My Lords, I fear that I may be about to be branded as awkward but an old joke asks, “What do you call 40 lawyers on the bottom of the ocean?”. The answer, of course, is, “A good start”. You can make the same joke with 400 or 4,000 lawyers because the issue is not the number but the public perception of lawyers. Lawyers—we have them here aplenty—say that they are a useful but simply misunderstood part of our society.
Exactly the same applies to us. There is a silly chattering-classes soundbite going around that compares this House to the National People’s Congress of China, and I am sad to have heard it repeated by Members of this House. It is an absurd point but the cheap jibe is a symptom of the real underlying problem of poor public understanding of what we do here. It is not that we are many but that we are still perceived, including by Members of the House of Commons, as a fuddy-duddy gentlemen’s club for men in ermine drinking port and thwarting democracy. The soundbite about numbers has simply been added to that list.
Organisations that offer expertise, as we do, typically like to boast of the number of people on their books, not get rid of them. Those who know us appreciate that we draw on a great range of people who have successfully dedicated their lives mainly to activities other than winning elections. The public value this depth and breadth in our House.
There is also a suggestion that our numbers should be the same as those in the House of Commons. Why? Where is the logic in that wholly false symmetry? We are different in so many ways and, again, we seem to be concerned with the superficial—the cosmetic. Do we suppose that the public would like us to imitate the Commons? Most people whom I speak to value the very differences between us and the House of Commons.
The thing that I dread most is a gradual remaking of this Chamber into a smaller cadre of semi-professional politicians who can trade soundbites on almost any subject, rather than specialists, a wide group of whom may speak only occasionally but really know their subject. That would be to ape the Commons in a way that would do a disservice to the people and Parliament alike, and it would remove one of the most unique and important contributions of this Chamber.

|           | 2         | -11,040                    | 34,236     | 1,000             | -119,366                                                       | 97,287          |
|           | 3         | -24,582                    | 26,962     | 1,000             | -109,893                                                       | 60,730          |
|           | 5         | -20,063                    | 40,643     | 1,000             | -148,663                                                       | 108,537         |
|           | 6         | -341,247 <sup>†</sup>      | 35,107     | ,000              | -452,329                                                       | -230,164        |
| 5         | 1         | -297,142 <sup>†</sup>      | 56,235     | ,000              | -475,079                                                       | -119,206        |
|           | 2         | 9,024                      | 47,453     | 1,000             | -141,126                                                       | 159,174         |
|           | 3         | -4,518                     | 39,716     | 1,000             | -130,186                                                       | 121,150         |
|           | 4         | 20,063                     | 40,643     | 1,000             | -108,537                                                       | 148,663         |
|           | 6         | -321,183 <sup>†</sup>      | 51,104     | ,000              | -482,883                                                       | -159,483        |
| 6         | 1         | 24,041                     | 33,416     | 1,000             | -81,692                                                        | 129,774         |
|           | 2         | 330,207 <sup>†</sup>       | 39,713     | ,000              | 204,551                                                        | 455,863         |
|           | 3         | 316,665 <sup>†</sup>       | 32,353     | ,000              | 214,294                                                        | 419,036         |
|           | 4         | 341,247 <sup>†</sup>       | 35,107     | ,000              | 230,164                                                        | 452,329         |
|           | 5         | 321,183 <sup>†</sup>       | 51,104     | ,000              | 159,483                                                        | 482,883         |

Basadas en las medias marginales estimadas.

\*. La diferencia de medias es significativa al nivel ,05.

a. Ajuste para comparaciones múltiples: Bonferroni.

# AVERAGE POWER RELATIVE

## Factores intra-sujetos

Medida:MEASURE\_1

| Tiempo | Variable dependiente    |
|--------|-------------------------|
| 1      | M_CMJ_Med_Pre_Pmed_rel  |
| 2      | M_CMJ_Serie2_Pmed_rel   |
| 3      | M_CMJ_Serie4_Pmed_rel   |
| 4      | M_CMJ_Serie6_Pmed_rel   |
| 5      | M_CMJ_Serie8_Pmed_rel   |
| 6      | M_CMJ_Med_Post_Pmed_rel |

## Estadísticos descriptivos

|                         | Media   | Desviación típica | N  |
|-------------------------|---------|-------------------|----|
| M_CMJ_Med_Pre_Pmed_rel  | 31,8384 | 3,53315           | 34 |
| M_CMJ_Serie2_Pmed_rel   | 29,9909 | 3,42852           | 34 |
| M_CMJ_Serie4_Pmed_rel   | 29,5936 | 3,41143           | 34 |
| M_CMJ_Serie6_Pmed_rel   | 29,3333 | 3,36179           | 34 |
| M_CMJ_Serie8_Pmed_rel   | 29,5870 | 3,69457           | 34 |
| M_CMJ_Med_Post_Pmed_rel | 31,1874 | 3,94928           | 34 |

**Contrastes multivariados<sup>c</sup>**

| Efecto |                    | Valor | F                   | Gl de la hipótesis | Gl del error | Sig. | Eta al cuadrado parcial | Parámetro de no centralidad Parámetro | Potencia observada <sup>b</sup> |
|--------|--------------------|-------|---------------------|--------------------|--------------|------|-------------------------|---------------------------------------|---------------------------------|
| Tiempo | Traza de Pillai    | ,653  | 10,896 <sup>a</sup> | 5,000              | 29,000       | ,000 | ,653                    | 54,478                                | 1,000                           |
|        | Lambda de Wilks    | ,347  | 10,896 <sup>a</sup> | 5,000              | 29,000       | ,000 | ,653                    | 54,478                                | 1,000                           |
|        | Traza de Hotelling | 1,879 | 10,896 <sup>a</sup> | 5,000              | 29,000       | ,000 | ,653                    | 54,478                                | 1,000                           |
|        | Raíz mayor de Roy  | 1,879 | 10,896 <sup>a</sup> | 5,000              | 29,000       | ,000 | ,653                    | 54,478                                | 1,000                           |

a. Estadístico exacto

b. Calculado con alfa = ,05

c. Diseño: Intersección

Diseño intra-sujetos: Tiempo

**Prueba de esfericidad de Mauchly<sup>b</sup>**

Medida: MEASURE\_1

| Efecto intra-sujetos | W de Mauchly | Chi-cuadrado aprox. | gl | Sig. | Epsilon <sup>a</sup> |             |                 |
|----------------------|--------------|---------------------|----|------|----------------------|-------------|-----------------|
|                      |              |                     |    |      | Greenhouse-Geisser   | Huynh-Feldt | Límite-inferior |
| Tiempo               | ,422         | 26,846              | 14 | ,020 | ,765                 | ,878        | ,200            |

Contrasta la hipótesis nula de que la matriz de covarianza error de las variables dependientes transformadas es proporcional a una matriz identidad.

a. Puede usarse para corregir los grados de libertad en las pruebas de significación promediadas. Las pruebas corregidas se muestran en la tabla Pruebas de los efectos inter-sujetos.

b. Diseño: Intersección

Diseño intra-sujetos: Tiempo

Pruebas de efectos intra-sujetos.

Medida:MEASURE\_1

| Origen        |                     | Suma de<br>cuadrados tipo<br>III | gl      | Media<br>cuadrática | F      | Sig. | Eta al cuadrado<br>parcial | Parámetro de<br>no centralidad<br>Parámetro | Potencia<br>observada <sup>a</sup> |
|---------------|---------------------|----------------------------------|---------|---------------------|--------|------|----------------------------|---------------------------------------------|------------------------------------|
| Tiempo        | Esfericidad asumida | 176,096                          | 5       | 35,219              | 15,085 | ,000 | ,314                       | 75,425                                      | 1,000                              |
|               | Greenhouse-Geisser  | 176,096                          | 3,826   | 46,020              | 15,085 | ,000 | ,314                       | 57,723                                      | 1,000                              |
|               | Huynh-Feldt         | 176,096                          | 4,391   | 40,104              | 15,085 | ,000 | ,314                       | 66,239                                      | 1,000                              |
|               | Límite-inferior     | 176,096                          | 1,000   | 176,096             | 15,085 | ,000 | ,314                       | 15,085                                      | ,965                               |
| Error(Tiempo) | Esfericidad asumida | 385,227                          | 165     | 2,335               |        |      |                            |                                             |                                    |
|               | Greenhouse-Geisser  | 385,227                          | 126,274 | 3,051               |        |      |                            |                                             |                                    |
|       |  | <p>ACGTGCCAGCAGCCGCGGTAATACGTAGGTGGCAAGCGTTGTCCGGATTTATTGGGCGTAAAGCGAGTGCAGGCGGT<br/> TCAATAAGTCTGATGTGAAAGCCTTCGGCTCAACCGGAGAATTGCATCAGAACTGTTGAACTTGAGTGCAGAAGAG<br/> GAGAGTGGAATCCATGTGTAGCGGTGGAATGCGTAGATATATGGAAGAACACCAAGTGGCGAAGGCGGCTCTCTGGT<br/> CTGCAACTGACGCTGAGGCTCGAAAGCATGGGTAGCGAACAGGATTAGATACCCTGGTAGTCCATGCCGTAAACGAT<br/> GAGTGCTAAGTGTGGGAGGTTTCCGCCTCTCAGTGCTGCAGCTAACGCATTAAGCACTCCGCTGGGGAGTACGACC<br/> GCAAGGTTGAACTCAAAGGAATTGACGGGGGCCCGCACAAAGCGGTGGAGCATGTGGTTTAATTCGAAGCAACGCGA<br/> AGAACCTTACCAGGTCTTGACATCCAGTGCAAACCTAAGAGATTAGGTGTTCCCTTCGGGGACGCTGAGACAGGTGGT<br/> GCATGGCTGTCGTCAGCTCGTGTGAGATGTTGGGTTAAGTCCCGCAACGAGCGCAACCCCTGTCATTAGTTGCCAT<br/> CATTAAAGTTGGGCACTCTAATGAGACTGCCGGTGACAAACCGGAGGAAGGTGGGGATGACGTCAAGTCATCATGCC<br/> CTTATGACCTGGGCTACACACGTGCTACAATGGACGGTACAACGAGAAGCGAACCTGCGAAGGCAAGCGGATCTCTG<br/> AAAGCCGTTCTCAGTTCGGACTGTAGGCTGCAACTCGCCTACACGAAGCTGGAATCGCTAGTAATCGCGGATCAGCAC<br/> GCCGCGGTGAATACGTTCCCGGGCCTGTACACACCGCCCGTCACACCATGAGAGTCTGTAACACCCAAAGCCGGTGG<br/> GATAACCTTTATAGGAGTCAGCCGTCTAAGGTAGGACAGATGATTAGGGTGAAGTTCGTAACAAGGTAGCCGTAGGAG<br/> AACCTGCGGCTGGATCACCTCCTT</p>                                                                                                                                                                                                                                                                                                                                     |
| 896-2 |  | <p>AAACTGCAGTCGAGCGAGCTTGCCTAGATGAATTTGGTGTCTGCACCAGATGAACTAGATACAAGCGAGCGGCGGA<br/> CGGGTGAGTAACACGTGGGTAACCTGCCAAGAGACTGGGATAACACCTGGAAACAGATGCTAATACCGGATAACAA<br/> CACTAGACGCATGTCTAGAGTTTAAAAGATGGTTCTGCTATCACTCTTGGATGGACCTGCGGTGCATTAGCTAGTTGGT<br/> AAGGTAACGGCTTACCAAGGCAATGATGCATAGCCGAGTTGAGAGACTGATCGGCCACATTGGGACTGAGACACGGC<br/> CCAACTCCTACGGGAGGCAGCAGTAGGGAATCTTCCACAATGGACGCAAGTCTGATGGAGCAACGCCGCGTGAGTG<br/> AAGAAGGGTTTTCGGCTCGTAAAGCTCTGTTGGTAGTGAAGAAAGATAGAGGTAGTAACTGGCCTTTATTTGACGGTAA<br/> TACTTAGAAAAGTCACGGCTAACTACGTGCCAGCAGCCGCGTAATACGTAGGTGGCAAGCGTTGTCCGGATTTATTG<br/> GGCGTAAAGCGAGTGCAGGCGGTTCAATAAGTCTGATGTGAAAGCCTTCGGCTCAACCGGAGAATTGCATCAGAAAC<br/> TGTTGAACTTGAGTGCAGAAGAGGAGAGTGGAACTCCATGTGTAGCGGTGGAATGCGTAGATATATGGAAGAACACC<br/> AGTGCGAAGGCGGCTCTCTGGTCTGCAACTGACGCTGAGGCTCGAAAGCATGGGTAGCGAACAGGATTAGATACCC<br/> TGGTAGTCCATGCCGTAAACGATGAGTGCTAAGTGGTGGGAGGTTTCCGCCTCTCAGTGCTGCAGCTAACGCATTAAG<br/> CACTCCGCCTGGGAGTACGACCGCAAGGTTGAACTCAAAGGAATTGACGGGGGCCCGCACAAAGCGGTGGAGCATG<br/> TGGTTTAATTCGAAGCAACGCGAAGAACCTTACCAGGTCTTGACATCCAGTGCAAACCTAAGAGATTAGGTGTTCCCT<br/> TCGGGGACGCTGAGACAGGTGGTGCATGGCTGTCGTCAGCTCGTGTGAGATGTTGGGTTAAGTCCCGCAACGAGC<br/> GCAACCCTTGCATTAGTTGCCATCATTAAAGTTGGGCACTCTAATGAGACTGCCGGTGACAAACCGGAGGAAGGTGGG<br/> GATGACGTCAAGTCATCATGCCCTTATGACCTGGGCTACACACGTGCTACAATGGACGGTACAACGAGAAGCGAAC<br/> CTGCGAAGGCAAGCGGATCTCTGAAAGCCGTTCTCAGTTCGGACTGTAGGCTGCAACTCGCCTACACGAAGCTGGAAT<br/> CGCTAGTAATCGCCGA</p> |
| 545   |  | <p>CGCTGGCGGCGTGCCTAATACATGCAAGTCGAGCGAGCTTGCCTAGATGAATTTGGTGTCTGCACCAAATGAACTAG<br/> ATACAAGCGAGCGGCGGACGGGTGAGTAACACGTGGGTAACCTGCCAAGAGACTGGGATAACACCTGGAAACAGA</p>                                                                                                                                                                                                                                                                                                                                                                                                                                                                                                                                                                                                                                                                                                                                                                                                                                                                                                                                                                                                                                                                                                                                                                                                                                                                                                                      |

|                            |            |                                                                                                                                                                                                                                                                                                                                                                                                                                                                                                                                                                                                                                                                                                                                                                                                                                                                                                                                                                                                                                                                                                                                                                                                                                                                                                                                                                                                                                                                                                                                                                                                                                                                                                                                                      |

I have asked proponents of shrinking this House what problems they are seeking to solve and very often I have been surprised by the answers. Rather than office space, cost or crowding—at least, for 30 minutes every day—I have been told that the numbers are indeed a cosmetic issue and that we must cut them as a fear-based PR exercise. Further, I am told that the typical level of participation is around 450—well below the 600 touted as matching the Commons. Most surprising of all is that those apparently targeted for removal are the Peers who seldom turn up—in fact, the very people who make almost no impact on the effective numbers but who in some cases make occasional but very valuable specialist contributions rather than anodyne speeches on almost any issue.
Party balance, reflecting the Commons, has also been raised by a number of speakers today. Are we to have a Peers’ hokey-cokey, where Peers go in and out as elections reconfigure the party balance of the other place? That is just not a workable system—not least determining who goes in and who goes out on each occasion. Symptoms are being muddled with causes. If this House defies rather than advises the other place, which is certainly the greatest bugbear one hears from Members of the Commons, perhaps we need to revisit that—or has the recent announcement put that particular dog back in its basket for now?
Coming back to numbers, I recognise that if ever more Peers are appointed and attend, which not all do, as some have pointed out powerfully tonight, there must be an attendance overload point—not because of silly comparisons with China but for the House to be capable of functioning. I can only echo what others have said about inflow and outflow: if you want to lower the level of your bath-water, there is no point bailing out one end with the taps full on at the other. That is our current situation and a swathe of sackings would achieve only a temporary reduction.
Detailed solutions are for another day, so I am not going to go there. However, to conclude, if only as a dissenting voice in the debate, I believe that we are running scared and addressing the wrong issue. We need to focus on representing ourselves far more effectively, so that both our contribution and our value for money can be properly understood. After all, if people do not understand what we do, how can they possibly know whether we are too many—or, indeed, too few?